Table 1 Summary of reported cases of TAK with coronary involvement treated with drug-eluting stent and/or drug-coated balloon dilation

DCB is a novel technology for ISR treatment and it ensures coated antiproliferative drugs diffuse into culprit CAs, inhibiting neointimal hyperplasia. The DCB does not place an external object inside the vessels as the DES does, therefore it does not stimulate inflammatory responses by metal trabeculae and polymers in the endothelial and smooth muscles of the vessels [36]. However, a meta-analysis found that DCB has a higher rate of revascularization of the target vessel three years after PCI than DES, although the incidence rates were comparable [37]. The findings do not appear to apply to CA involvements related to TAK. Chiew et al. [24] reported a 47-year-old TAK woman with CA involvement treated with the DCB. Four months after DCB dilation, optical coherence tomography revealed complete endothelial healing, which implies luminal enlargement from positive remodeling [24]. However, the specific effectiveness of DCB on TAK-related CA involvement is limited by a small number of cases reports and the absence of large-scale studies and prospective trials.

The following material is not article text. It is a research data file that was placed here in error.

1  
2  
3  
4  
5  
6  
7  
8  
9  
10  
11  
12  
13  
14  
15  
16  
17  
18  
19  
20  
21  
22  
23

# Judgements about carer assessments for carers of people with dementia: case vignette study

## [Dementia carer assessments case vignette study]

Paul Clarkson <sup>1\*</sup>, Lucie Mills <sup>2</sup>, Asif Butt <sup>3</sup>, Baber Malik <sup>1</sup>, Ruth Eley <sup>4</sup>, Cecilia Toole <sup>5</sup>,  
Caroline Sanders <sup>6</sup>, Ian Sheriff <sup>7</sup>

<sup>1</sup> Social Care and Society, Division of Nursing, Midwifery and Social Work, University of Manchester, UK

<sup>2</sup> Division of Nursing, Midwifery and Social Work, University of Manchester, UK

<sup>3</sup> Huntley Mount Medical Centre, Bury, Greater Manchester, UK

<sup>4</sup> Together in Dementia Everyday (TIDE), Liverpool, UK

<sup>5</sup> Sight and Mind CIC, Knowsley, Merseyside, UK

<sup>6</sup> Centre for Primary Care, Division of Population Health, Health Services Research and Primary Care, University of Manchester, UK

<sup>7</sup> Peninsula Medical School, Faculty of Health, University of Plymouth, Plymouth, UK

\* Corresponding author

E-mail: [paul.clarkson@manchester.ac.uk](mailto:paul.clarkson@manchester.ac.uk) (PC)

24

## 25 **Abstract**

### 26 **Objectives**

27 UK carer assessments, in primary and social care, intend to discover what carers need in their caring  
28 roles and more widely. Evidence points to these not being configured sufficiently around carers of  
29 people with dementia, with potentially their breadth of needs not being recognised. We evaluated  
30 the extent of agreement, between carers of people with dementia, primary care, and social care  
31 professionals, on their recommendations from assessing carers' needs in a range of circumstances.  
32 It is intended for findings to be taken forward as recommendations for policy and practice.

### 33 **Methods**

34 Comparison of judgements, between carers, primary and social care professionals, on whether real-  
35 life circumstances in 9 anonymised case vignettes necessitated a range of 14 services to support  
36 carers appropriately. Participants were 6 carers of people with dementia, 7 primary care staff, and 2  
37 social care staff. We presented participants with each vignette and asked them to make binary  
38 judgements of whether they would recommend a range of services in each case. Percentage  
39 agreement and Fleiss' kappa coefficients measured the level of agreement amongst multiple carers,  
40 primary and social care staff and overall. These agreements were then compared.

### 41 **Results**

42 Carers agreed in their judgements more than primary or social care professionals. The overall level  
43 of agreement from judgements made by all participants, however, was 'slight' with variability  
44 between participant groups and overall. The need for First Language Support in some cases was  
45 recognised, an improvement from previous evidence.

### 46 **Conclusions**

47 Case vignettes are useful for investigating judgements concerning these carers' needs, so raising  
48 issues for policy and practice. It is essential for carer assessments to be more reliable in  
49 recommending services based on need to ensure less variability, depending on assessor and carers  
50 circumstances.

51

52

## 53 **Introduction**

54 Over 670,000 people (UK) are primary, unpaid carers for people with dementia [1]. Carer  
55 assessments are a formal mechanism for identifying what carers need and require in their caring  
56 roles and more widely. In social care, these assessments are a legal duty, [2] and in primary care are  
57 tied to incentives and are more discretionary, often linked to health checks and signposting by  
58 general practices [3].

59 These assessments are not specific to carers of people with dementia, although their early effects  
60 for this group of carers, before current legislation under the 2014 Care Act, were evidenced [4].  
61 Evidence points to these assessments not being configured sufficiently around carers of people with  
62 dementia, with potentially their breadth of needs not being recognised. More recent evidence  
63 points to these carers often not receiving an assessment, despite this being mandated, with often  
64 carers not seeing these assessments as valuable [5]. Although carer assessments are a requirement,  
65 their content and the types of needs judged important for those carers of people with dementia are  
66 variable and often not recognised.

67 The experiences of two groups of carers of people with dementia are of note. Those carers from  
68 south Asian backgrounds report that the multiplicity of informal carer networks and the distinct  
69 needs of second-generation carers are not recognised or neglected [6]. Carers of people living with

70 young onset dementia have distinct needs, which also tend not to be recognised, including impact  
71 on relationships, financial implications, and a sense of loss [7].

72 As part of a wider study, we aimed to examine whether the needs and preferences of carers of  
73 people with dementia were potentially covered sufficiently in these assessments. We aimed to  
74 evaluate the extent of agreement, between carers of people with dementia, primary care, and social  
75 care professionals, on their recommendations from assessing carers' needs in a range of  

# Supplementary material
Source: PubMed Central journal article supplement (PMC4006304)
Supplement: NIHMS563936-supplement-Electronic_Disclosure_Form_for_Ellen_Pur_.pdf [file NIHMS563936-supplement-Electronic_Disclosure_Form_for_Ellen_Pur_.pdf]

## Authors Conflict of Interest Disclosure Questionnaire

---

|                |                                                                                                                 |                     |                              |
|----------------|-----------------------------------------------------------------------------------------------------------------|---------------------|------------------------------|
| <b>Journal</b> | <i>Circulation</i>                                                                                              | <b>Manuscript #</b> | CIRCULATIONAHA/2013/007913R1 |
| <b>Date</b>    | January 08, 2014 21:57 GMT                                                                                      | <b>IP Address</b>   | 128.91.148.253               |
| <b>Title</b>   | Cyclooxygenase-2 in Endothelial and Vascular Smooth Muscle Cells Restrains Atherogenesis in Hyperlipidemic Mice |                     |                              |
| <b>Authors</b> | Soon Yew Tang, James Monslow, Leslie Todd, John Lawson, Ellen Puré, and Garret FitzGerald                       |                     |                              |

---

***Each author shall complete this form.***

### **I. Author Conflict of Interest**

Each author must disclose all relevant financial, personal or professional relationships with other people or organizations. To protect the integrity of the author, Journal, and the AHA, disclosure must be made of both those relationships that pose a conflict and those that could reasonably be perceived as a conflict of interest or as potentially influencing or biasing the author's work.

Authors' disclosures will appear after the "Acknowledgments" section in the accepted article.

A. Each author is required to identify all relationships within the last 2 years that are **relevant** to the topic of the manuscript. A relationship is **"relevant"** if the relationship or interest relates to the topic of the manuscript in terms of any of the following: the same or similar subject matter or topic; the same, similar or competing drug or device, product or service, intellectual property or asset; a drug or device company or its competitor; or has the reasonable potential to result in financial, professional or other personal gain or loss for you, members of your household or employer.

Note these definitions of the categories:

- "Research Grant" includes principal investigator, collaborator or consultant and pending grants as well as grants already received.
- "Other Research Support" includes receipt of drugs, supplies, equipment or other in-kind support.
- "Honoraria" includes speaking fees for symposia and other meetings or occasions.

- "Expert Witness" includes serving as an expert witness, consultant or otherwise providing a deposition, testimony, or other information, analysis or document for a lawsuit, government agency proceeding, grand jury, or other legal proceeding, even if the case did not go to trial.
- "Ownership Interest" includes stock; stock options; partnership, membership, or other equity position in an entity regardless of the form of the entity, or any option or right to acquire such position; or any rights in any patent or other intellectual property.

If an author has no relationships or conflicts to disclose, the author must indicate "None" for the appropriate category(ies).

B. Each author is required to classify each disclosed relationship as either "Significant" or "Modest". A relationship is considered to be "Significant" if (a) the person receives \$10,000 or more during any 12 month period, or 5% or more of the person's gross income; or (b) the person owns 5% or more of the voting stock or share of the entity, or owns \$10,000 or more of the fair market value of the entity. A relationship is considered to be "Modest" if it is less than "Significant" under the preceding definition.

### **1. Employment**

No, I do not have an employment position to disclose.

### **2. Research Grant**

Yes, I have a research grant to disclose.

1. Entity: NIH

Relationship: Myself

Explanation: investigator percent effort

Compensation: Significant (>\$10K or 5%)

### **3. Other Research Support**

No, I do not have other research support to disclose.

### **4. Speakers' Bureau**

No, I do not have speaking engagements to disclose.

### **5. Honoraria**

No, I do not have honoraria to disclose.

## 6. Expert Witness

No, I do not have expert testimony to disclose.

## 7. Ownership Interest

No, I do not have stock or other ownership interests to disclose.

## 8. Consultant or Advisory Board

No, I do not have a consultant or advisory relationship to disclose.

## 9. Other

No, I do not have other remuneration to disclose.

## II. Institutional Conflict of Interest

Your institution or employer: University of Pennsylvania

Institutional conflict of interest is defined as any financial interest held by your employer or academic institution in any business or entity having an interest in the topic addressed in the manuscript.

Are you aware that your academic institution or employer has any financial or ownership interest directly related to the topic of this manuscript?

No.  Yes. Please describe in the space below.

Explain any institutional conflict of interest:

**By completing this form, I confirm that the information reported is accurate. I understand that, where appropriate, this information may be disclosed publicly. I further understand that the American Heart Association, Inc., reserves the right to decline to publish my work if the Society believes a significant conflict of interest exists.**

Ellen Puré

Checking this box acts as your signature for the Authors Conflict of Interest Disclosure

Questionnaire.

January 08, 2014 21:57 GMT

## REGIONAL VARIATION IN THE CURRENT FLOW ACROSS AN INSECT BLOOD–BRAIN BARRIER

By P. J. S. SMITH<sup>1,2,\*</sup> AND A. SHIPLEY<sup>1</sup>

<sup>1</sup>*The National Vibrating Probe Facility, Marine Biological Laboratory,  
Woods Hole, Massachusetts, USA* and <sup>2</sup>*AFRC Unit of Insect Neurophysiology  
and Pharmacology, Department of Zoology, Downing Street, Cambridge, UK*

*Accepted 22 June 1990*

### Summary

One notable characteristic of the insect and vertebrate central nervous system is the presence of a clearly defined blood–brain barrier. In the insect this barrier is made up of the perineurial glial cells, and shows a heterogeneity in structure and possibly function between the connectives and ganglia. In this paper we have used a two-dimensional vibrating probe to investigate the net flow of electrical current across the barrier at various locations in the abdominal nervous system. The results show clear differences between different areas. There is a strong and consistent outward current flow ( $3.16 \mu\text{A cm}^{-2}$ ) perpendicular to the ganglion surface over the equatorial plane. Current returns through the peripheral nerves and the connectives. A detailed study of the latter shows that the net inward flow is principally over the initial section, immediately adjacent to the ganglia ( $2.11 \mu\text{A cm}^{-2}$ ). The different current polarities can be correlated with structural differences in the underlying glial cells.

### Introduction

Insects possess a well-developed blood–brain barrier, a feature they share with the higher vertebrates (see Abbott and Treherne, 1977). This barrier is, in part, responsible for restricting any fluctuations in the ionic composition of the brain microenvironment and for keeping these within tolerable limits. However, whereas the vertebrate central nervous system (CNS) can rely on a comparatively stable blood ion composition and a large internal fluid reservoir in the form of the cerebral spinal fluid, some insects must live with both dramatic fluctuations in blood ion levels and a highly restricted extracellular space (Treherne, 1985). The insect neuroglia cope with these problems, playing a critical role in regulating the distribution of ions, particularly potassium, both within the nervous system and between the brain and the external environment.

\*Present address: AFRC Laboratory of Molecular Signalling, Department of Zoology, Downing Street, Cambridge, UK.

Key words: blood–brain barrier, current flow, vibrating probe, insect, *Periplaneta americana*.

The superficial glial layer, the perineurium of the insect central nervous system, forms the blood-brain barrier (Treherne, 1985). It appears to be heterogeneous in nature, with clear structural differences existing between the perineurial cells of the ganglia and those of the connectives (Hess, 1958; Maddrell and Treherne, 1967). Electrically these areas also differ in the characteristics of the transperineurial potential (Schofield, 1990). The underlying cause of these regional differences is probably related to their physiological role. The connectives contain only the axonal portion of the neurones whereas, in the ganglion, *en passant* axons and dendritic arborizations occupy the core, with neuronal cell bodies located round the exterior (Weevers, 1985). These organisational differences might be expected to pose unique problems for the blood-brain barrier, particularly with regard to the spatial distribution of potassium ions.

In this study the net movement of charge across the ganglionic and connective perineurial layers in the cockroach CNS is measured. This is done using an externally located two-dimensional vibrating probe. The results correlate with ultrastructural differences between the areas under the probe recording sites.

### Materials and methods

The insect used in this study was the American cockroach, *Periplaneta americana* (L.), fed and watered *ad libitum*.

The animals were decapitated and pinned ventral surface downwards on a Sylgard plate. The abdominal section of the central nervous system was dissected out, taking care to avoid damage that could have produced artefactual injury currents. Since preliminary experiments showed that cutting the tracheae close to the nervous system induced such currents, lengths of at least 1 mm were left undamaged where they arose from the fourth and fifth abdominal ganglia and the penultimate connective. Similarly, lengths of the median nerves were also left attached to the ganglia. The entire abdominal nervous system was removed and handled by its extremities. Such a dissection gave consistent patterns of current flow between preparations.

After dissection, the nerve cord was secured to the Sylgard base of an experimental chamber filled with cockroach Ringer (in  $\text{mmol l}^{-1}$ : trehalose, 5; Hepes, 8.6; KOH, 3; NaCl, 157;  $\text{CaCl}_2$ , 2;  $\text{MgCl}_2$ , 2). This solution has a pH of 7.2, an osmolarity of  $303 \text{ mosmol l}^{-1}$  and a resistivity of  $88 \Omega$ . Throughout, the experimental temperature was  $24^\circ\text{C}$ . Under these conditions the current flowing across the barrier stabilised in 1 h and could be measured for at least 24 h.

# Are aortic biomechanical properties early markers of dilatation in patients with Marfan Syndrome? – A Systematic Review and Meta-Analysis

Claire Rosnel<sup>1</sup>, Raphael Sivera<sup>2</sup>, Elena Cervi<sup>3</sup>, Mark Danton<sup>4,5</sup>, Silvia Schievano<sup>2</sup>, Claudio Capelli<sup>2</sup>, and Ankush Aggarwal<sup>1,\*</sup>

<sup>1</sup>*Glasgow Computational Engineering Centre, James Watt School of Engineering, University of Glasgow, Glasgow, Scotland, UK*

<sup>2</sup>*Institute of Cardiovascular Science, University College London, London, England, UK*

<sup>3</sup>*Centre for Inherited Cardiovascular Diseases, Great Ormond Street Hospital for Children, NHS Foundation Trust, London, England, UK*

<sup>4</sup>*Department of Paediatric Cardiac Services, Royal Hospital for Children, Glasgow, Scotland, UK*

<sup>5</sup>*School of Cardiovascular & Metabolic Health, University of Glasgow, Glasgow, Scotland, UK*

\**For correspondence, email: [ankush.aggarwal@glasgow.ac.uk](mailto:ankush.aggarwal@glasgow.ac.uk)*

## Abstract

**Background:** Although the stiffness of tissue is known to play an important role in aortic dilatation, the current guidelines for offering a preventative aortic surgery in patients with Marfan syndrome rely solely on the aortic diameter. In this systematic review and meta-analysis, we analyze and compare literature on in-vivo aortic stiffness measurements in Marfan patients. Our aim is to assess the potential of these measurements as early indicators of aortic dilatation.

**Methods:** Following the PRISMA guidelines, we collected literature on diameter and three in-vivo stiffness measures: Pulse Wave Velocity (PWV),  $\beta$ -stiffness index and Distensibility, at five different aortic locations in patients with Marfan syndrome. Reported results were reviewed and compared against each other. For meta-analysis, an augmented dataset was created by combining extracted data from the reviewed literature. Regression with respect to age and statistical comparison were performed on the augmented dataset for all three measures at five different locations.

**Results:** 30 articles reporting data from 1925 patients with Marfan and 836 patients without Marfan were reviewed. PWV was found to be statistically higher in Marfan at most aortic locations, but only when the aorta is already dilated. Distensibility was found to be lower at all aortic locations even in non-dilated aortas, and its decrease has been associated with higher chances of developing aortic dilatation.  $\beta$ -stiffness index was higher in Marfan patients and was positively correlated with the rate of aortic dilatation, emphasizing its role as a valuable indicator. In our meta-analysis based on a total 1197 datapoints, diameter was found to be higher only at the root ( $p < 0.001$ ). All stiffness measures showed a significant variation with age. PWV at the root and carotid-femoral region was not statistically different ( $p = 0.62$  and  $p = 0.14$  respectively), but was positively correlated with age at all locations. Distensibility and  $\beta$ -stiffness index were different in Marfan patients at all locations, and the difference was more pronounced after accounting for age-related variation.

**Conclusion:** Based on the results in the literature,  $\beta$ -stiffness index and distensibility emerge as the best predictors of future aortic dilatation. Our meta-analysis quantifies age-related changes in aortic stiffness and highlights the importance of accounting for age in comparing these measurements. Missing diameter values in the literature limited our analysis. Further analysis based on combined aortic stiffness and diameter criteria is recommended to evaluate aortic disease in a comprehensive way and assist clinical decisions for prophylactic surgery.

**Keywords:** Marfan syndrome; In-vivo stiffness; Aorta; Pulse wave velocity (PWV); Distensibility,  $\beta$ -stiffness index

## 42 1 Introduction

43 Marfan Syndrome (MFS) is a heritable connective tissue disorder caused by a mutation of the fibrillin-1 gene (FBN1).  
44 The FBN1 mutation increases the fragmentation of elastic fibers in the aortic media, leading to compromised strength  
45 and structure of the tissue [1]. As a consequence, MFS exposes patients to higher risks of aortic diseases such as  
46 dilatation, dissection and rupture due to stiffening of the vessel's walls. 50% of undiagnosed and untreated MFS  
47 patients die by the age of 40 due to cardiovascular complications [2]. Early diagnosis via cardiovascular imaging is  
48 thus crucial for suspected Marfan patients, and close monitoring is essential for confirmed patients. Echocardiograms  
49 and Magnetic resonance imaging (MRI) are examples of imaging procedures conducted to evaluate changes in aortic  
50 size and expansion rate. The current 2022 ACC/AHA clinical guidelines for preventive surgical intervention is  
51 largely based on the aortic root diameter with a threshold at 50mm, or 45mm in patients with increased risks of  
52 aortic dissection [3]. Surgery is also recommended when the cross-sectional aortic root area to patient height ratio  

ELCA, a crucial way of revascularization in our case, is feasible and has been applied in various complicated CA lesions, such as thrombus, repeated ISR, and under-expansion of the stent [38, 39]. Our case is the first application of ELCA before DCB dilation in patients with TAK with CA involvement. After ELCA and DCB dilation, no acute chest pain was observed for our patient during the next five months, which suggested that the combined revascularization strategies without implanting a permanent foreign body could be a viable option for these patients. However, a post-DCB CAG revealed another ISR despite being symptom-free. Nevertheless, it should be noted that the damage to the coronary intima associated with ELCA might contribute to stent thrombosis and restenosis [40]. Therefore, despite the potential feasibility of ELCA in TAK with CA involvements, the conservation of coronary intima during ELCA is critical to preventing ISR in the long-term follow-up. Our patient eventually underwent CABG and has been asymptomatic since then, indicating that CABG might be the best way to solve ISR in TAK with CA involvements so far [41].